Silence as a practice

George Prochnik, the author of In Pursuit of Silence: Listening for Meaning in a World of Noise, says silence is a diminishing national resource. We assert that we despise noise, and yet we generate so much of it. While getting gas for my car this morning, the young man next to me had his car stereo cranked up and his driver’s side door open so he could bathe himself (and everyone else) in the beat. I’m agog at those I encounter on my drive to work who are listening to the headbanging kind of music that makes me want to veer off of a cliff. How can people begin the morning with that? To me, it’s like inviting chaos to the start of the day.

We complain of noise pollution but crank up our lawnmowers on Saturday mornings. We stand outside at our cars chattering in the middle of the night when sound carries so fluidly, unaware of those we are keeping awake. To be honest, I’m guilty of leaving a television on in the kitchen simply for the grounding voices seem to provide. I love a nice, loud Zumba class at my local ballroom studio, where the sound system puts us into step even when most of us are world-class klutzes. The truth is noise is a stimulant. It pumps us up. It signals to us there is some kind of life going on around us—not always the kind we want, but noise means people are present, and we crave connection. Noise is addictive. How often have you heard someone say of a place, “It was too quiet.” What do they mean? What do you mean when you say it?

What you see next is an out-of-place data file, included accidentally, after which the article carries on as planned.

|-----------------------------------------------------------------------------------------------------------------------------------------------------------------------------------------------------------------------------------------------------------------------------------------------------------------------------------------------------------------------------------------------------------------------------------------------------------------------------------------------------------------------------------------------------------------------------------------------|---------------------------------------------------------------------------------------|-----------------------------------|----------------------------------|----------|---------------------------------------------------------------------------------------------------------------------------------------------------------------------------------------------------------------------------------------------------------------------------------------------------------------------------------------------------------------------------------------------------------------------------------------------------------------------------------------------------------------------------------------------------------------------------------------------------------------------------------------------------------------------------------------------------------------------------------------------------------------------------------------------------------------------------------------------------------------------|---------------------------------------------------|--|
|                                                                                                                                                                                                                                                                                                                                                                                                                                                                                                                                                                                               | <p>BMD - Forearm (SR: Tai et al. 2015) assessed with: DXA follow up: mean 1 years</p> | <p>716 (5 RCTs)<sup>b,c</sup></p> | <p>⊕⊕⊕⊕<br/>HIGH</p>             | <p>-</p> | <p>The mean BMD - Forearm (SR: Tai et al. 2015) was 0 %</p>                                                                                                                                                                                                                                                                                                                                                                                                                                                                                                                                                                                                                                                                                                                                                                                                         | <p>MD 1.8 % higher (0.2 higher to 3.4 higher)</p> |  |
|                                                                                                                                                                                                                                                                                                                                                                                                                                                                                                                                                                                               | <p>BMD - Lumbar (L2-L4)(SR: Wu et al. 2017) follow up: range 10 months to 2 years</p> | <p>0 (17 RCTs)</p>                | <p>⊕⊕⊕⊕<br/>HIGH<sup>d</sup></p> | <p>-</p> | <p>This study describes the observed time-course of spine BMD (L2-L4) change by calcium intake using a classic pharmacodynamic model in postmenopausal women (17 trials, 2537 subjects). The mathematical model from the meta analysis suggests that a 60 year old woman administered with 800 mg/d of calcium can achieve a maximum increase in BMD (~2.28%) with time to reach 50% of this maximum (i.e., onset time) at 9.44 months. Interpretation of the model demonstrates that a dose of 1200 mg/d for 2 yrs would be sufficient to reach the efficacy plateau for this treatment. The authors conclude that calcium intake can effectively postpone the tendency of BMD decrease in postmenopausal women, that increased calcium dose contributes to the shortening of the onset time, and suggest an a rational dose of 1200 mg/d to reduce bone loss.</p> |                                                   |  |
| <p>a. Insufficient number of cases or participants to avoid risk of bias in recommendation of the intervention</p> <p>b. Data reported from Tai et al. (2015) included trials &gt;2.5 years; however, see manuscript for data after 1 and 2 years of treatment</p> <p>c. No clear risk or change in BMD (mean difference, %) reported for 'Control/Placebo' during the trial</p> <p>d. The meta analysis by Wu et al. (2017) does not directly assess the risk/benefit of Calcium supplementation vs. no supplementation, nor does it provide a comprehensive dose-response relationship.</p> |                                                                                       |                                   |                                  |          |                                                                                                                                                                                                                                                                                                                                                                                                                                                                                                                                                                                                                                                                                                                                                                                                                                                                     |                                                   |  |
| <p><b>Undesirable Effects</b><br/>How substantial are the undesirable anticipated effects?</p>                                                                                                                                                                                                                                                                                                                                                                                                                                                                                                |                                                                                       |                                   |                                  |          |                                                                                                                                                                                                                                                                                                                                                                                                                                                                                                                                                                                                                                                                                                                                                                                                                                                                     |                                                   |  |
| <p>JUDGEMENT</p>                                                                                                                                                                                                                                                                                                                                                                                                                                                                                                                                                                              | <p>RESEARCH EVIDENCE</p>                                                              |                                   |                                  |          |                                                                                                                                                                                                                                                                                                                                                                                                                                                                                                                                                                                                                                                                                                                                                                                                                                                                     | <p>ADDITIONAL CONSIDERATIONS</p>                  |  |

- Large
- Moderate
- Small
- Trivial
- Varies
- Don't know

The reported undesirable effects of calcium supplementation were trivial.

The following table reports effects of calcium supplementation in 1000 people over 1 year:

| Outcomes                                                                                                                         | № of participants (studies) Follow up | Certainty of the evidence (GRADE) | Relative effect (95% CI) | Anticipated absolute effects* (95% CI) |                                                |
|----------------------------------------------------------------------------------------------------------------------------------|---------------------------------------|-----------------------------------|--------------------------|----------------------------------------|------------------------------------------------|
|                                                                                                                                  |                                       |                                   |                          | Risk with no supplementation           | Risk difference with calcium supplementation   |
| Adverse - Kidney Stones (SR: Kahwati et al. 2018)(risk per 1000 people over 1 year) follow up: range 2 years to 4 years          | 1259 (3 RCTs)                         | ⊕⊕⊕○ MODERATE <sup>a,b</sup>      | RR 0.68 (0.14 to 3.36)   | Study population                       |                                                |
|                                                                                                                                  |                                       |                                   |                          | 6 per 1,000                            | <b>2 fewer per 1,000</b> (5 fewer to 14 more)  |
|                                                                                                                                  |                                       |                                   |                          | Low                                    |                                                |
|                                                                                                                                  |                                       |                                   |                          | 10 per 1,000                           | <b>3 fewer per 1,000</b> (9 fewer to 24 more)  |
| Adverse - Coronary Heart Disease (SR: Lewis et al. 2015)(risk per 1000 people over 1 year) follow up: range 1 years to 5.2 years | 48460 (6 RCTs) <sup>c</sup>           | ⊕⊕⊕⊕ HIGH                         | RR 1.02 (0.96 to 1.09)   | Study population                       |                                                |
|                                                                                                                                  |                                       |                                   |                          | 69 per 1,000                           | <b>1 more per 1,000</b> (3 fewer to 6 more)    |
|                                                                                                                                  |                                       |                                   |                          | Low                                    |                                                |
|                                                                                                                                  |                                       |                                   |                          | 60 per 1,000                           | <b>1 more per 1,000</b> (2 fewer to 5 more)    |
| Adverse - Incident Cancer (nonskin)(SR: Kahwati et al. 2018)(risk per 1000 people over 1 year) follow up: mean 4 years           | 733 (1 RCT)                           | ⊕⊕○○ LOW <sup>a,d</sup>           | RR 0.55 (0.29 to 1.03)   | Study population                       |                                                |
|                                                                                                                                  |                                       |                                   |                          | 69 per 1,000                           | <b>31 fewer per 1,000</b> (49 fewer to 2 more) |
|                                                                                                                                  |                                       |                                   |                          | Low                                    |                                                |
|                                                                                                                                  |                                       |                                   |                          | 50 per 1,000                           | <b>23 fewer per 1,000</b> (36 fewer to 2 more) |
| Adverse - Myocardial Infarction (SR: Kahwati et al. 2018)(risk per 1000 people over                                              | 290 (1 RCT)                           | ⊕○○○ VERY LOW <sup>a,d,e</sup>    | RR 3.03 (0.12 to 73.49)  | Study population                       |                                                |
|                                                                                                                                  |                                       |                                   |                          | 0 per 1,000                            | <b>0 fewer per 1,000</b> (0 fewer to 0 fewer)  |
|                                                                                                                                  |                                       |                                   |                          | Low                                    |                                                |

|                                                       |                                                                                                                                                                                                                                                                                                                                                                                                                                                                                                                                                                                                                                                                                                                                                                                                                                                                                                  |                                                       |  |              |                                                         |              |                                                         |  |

“Instead of being against noise,” says George Prochnik, “I think we need to begin making a case for silence.” Silence is not the complete absence of sound. There’s noise everywhere—even if it’s only the beat of our own hearts. Silence is that pulling down of the distraction and decibel level to a quiet state of mind where we can truly hear ourselves think. Here’s what I know: some people can’t stand their own thoughts. They have no place to take them. There’s been no development of an inner life.

Nourish an inner life. Embrace silence.